The final Majestic store – the location of which is currently unknown – is being sold to an unnamed independent third party for redevelopment for around £5 million.

Proceeds from the sale will be used to eliminate the group’s debt and invest in the growth of Naked Wines. Additionally, around £3.8m will be paid to shareholders in the form of a dividend of 5.2p per share.

Rowan Gormley said he was delighted to have secured independent futures for both Naked Wines and Majestic Retail and Commercial which would allows them to pursue growth by focussing on their “unique propositions”.

The announcement said that in addition to strong growth in multi-channel sales, Majestic believed there was still a key role to be played in face-to-face retail – and that wine is uniquely placed to provide an experience which cannot be found online.

“We intend to be the leader in the UK retail revolution with a focus on experience, expertise and product,”Josh Lincoln, managing director of Majestic said, adding that the company had grown through periods of dramatic change, and had “the recipe to do it again”.

“Majestic has been on the UK high street for almost 40 years, building a bank of affection for our bottles, people and stores”

“We want to keep investing in our stores, in our people and our product – everything you can feel, touch and sip. After all, you cannot taste wine online.”

“Majestic is a British institution, occupying a unique position as the nation’s largest wine retailer,” a representative of Fortress Investment Group LLC said. “It offers a seamless customer experience across multiple channels – physical retail, online, subscription and to the on-trade – and has a customer base which loves its stores, people, brand and – of course – wines.”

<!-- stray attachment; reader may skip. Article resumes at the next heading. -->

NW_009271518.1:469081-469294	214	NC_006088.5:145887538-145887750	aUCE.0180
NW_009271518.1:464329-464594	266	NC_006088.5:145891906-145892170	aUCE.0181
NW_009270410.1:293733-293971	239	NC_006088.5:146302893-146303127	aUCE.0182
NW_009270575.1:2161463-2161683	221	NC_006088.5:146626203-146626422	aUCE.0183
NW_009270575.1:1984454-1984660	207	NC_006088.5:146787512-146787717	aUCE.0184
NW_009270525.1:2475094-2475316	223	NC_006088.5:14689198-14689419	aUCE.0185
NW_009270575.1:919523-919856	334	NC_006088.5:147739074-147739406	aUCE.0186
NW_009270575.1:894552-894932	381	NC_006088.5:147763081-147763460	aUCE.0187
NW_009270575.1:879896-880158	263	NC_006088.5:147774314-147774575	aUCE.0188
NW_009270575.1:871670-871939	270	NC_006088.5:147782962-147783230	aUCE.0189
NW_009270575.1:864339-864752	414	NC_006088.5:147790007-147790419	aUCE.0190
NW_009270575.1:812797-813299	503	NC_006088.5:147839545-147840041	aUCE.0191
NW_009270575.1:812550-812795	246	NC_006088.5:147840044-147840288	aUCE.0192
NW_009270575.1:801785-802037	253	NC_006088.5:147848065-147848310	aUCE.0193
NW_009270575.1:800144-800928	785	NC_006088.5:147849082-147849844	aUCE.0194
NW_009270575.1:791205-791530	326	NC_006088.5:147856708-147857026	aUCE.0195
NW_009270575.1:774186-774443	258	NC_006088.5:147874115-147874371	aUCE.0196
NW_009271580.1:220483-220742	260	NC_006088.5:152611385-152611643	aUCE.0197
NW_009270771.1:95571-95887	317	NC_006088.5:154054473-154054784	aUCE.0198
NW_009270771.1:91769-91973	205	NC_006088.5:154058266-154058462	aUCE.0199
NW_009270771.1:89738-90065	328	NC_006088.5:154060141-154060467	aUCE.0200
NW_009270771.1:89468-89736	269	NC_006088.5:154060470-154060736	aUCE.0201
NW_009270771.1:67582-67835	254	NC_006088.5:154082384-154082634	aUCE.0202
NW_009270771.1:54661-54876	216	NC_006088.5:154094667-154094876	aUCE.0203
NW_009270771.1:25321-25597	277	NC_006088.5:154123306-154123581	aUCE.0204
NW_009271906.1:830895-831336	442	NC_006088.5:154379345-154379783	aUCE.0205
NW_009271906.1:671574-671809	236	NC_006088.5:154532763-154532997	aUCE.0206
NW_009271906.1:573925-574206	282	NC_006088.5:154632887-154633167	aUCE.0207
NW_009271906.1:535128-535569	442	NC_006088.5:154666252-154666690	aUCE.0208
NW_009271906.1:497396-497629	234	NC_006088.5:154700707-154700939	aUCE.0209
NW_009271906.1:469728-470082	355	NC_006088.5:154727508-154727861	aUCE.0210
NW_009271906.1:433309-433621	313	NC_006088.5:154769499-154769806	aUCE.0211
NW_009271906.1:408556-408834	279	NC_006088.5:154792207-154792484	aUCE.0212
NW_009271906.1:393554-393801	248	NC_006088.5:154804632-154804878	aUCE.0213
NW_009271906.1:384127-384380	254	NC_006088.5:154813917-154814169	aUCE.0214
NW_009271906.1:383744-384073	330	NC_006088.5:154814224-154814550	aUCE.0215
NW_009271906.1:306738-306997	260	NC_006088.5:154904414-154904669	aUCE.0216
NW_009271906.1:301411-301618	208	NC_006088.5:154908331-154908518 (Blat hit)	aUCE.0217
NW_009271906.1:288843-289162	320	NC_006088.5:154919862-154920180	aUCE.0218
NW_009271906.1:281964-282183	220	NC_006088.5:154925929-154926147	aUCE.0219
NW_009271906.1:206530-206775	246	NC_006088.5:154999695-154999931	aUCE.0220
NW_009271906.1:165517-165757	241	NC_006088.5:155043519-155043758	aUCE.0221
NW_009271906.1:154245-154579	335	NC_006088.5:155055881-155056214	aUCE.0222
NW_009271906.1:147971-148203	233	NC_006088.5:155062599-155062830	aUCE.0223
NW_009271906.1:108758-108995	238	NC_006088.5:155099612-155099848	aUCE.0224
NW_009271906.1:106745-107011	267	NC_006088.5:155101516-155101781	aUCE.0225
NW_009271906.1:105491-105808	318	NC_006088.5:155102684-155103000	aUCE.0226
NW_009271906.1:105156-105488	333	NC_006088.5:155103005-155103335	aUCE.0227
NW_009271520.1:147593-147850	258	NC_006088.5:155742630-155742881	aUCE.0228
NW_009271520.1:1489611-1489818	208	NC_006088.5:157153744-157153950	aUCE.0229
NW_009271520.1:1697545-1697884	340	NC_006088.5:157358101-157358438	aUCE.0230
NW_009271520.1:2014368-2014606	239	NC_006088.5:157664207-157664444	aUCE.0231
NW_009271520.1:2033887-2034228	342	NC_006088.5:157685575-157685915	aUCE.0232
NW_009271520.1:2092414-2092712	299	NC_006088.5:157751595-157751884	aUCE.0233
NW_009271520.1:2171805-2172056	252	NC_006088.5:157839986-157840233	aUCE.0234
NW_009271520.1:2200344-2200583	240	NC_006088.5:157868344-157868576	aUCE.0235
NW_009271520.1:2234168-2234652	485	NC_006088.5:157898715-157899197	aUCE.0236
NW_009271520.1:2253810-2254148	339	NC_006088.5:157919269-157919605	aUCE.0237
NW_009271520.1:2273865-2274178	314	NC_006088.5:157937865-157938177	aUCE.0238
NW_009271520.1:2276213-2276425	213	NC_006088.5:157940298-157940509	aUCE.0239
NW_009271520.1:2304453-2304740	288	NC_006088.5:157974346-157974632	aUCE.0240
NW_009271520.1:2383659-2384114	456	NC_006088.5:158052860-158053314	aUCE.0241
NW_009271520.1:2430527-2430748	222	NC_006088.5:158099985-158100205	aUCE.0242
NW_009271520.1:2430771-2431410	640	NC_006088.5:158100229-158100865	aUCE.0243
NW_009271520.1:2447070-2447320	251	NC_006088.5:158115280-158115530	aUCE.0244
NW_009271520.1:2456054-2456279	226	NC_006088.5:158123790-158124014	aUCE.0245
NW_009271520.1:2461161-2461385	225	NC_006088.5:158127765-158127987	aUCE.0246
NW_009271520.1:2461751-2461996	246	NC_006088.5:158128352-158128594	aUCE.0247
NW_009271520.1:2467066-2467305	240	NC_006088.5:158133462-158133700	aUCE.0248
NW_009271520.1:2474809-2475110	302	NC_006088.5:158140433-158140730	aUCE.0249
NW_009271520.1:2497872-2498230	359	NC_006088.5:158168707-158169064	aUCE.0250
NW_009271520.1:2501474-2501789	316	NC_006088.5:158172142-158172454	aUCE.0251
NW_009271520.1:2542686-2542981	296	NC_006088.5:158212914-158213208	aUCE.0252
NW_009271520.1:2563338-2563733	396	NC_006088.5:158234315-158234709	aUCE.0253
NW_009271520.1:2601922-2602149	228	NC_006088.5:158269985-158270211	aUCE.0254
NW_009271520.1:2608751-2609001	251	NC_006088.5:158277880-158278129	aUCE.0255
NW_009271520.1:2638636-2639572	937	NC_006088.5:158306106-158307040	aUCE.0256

“We are excited to work with management to grow the Majestic story.”

Following the news, the company confirmed it was was conducting a full range review, as previously reported by the drinks business, to focus on “getting back to what Majestic has historically done best”, overseen by new buying and merchandising director, Robert Cooke.

“The future of retail, and wine retail in particular, has to be around creating an experience customers seek out. Our first step will be refitting our store estate, using shelving and new tasting areas, to make them easier to navigate,” a spokesman said

It is also planning to roll out a new service to help gauge a customers’ palate in order to offer a more personalised wine offer, called Wineify and will open a new Majestic store in South East London in September.

A spokesman told db that after nearly forty years of trading, the Majestic name came “closer than ever before” to disappearing. “We’re determined not to let that happen again, to continue to be the nationwide specialist we truly believe the UK needs – the vital bridge between indies and supermarkets, and a pivotal route to the British market for producers across the globe,” he said.